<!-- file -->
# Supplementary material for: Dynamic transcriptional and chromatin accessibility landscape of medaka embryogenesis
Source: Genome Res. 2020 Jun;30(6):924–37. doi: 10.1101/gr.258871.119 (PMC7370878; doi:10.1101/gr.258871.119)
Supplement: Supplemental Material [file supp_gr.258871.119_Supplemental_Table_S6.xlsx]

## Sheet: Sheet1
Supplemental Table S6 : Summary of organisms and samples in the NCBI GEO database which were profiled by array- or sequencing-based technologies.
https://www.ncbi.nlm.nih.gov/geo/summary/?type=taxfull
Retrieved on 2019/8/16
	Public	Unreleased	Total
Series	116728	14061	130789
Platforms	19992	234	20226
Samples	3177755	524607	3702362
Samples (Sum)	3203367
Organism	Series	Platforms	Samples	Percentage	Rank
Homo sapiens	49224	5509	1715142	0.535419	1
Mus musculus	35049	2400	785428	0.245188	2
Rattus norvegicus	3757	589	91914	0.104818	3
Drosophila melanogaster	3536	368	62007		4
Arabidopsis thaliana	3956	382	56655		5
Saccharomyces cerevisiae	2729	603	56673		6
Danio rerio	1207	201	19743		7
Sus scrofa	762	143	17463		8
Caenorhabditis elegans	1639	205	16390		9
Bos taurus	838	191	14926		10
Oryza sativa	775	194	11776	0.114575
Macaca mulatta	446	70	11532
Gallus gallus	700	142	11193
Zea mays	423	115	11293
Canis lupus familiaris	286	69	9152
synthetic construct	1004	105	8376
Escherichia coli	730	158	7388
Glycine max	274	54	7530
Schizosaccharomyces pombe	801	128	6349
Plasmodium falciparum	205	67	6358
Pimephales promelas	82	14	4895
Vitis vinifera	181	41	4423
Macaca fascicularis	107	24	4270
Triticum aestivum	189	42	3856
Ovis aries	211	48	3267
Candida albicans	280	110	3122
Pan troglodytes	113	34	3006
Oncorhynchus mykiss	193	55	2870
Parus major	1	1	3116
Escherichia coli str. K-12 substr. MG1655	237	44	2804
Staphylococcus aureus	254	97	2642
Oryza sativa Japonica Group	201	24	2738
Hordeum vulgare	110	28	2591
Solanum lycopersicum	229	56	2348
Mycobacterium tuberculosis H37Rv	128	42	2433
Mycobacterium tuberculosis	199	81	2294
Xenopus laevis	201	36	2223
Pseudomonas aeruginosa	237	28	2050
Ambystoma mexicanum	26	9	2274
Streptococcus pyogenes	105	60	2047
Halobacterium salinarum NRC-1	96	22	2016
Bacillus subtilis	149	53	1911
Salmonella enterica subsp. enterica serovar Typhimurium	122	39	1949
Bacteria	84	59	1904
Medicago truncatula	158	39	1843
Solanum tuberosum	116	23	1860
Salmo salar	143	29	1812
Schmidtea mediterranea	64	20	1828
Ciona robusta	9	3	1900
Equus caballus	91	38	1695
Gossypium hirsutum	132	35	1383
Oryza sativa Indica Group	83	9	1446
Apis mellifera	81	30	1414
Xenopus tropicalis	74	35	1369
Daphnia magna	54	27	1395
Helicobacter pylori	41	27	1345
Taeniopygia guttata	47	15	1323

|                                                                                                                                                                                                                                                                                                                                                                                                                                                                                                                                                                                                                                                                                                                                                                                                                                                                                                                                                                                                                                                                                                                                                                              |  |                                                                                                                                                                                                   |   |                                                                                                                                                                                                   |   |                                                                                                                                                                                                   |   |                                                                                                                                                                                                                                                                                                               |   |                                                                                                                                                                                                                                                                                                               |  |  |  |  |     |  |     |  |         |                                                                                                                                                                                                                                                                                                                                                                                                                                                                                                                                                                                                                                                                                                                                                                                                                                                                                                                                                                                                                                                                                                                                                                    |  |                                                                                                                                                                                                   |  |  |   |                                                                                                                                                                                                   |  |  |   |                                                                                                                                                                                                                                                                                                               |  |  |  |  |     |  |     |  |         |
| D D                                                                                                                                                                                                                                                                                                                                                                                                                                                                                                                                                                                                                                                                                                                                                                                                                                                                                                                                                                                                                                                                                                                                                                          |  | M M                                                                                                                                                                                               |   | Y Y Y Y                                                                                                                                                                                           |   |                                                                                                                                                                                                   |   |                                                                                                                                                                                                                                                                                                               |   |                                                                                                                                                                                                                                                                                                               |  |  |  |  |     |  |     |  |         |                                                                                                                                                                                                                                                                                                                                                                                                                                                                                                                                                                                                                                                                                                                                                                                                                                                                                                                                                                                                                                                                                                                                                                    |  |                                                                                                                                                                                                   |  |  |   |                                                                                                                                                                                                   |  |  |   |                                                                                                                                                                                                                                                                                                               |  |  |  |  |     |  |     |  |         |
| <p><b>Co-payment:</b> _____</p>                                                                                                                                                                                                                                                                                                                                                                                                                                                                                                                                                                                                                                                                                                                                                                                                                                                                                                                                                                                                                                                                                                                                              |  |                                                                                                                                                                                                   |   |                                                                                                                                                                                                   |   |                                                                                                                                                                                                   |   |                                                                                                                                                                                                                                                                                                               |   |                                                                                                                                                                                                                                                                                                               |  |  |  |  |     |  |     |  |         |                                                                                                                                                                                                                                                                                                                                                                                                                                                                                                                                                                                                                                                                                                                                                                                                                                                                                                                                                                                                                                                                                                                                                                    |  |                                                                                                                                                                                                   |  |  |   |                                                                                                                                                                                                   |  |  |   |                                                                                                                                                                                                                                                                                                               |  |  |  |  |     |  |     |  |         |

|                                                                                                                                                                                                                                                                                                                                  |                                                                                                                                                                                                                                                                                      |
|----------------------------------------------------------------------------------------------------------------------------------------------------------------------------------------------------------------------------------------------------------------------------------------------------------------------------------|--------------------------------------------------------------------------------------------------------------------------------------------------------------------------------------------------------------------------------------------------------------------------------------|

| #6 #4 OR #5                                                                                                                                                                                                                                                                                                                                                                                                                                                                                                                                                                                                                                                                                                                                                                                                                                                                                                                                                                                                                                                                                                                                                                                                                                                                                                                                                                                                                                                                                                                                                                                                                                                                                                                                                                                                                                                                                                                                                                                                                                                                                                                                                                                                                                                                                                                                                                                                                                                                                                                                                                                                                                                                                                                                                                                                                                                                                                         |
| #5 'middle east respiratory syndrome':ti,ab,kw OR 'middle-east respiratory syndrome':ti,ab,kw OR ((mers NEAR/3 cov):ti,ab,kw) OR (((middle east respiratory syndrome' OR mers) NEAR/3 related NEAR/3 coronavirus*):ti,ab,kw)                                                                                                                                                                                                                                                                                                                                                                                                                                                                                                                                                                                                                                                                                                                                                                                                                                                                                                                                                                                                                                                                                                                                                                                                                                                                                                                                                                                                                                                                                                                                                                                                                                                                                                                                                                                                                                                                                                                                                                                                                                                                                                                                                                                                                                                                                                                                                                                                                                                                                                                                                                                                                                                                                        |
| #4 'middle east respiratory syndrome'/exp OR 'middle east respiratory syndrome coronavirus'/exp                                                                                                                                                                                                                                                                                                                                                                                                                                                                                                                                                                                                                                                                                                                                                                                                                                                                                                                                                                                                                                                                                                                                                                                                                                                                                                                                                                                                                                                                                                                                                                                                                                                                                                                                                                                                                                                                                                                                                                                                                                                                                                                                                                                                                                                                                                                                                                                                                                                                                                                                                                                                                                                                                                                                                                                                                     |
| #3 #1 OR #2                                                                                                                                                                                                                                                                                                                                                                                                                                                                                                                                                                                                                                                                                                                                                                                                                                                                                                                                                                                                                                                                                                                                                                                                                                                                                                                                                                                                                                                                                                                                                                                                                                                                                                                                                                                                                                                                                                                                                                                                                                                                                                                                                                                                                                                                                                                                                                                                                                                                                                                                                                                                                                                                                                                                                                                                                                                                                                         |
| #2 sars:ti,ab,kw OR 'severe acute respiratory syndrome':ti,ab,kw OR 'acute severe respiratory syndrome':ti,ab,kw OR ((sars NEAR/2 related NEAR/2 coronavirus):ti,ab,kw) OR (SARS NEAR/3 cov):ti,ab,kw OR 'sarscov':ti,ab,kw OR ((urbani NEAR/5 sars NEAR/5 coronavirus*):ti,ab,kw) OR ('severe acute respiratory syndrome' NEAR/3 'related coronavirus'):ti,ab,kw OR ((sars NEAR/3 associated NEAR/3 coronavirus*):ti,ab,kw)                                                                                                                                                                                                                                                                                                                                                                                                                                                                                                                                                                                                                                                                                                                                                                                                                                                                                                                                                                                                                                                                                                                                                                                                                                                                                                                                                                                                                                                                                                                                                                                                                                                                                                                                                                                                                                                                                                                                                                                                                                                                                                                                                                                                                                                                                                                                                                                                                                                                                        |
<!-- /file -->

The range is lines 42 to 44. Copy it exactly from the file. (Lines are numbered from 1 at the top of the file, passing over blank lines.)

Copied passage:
Parus major	1	1	3116
Escherichia coli str. K-12 substr. MG1655	237	44	2804
Staphylococcus aureus	254	97	2642